And once he'd done that they identified the pairs of friends who were sparking off each other in those larger groups and went back to talk to them again in smaller groups, often just asking about their lives, their interests, what was in their pockets, what they like on TV.

Because in part, Joe was terrified of actually sitting down and writing the damn thing. But also because Graham Linehan had once told him not to worry about not writing and to wait until your brain bucket is so full of stuff that you can't not write. And you never know what might be relevant to the story when you start working your way through it.

He filled up two A4 files of verbatim transcripts of what those young people had said to him and he typed it up himself, as if learning a foreign language, to get the slang and the rhythm right. He talked to people who had been mugged, talked to residents in the tower blocks. So when he was writing, if he got stuck he could pull something out of reality to help him out, and not have to make it up. But it was when they cast they were also testing the dialogue as the real acid test.

Obviously the movie is heightened reality and slightly simplified so it travelled abroad. Joe was aware that fantastic movies like Trainspotting and stuff from Shane Meadows has struggled in this respect (often using subtitles even in the US!)

There are two types of alien movies - there's withhold the monster type, which Joe loved in the eighties but there was a point in the late eighties where it started to get stupid because the creature was built up so much when it was finally revealed, it couldn't possibly live up to expectations. So the other sort is to reveal the monster early but play on the multitude. Similar to Gremlins, and perhaps the difference between Alien and Aliens. Joe wanted to start with a withhold the monster type thing, but show enough - and then play on the multitude later on. And that's kind of how Zombie movies work too. So they had to come up with something they could show, but not too much, and that's where the shadowy type thing came in. Joe knew they couldn't afford CGI creatures so in part it was a budget thing, but also as a film goer he was bored of movie aliens. He likes the real stuff, like Yoda in Empire Strikes Back, or in Gremlins. And as a kid it wasn't like he didn't believe in those things. In fact maybe even more so because they were actual physical things that were there. So in Attack the Block they had a guy in a suit, and then used low fi CGI to actually remove detail, rather than add it. But it was a big sticking point in development. People often asked how are you going to do this and all these creatures. So they had to kind of prove it could be done.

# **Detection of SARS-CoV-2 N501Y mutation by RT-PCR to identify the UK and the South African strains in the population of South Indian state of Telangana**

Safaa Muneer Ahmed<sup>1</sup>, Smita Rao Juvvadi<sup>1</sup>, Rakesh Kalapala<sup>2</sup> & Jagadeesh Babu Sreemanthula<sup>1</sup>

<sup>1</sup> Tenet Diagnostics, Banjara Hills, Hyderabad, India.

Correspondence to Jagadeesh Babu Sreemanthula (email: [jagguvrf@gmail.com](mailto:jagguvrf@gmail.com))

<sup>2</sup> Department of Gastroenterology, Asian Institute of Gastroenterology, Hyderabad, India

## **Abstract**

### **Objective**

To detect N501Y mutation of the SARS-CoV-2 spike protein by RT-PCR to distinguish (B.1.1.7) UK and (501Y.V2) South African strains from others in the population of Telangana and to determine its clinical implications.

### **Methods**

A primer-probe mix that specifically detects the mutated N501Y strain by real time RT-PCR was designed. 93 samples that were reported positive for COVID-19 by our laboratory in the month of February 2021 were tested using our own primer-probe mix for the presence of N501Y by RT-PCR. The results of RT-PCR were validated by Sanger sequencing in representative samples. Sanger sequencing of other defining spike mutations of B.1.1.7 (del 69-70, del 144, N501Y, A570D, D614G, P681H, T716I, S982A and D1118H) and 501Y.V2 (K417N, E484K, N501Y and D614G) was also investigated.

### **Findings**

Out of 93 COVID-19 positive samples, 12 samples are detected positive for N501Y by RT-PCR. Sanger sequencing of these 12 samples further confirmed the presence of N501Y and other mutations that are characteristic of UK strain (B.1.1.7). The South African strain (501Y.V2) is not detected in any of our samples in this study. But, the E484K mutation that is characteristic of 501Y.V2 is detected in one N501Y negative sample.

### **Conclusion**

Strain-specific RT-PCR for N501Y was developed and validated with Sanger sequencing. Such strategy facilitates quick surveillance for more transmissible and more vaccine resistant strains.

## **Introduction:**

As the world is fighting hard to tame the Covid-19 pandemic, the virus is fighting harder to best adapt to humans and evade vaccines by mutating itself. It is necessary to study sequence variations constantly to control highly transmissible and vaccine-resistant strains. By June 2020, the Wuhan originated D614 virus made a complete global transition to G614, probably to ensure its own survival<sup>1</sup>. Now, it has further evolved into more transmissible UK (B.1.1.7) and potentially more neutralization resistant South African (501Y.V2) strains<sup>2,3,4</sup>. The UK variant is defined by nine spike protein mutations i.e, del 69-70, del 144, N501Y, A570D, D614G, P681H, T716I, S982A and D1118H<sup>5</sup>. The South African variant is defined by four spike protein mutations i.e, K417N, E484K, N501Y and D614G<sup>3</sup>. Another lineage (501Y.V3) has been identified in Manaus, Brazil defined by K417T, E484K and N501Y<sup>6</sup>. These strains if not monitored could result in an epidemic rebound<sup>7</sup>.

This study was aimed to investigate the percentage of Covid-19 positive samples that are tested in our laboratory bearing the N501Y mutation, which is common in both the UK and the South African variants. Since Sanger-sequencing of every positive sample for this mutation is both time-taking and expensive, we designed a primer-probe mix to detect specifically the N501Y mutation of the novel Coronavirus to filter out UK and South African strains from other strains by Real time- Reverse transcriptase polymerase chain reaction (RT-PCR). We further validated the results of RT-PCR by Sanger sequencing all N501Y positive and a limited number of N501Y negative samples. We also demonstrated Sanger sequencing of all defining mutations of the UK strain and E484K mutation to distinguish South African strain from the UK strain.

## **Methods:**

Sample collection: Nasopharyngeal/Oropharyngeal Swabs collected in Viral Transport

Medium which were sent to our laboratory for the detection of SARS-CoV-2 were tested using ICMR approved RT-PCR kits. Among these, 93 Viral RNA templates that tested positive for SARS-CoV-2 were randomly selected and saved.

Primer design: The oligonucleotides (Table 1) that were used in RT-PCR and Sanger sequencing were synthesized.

There were still things they couldn't afford to do. There was a sequence of them fighting the aliens up the side of the block in a kind of Errol Flynn balcony type thing and they had scouted locations and story boarded it and about a month before the shoot realised they couldn't afford it. And it was tough then for Joe to maintain the momentum and geography of the story. But he was reading a book at the time about the making of Star Wars and an anecdote that George Lucas wanted a planet for Darth Vader and a separate spaceship - but they couldn't afford both. So he combined the two. And Joe reckoned okay, if the Death Star can come out of a budgetary restraint, then he could figure out his thing. But it was really like a maths problem and he hates maths. Was always better at creative writing.

Joe took a Robert McKee course when he was 24 and read all those books - but they actually gave him writers block because it made him feel like everything he wrote was wrong somehow. And every time he wrote something he would compare it to some sophisticated template and it wouldn't fit - and that actually held him back for years and years. He felt somehow he wasn't good enough etc. But working with Edgar on Ad Man really taught him to forget all that. He reiterated Edgar's advice - don't let it be a chore. If it becomes a chore then you are doing something wrong. Why not enjoy it? Or, maybe a better question, why are you not enjoying it?

And unfortunately, that's round about where I had to leave.

I was back at the festival on Sunday and the first session I went to then was Hollywood Pitching, with Jonathan Newman, Stuart Hazeldine and David Reynolds.

No comments: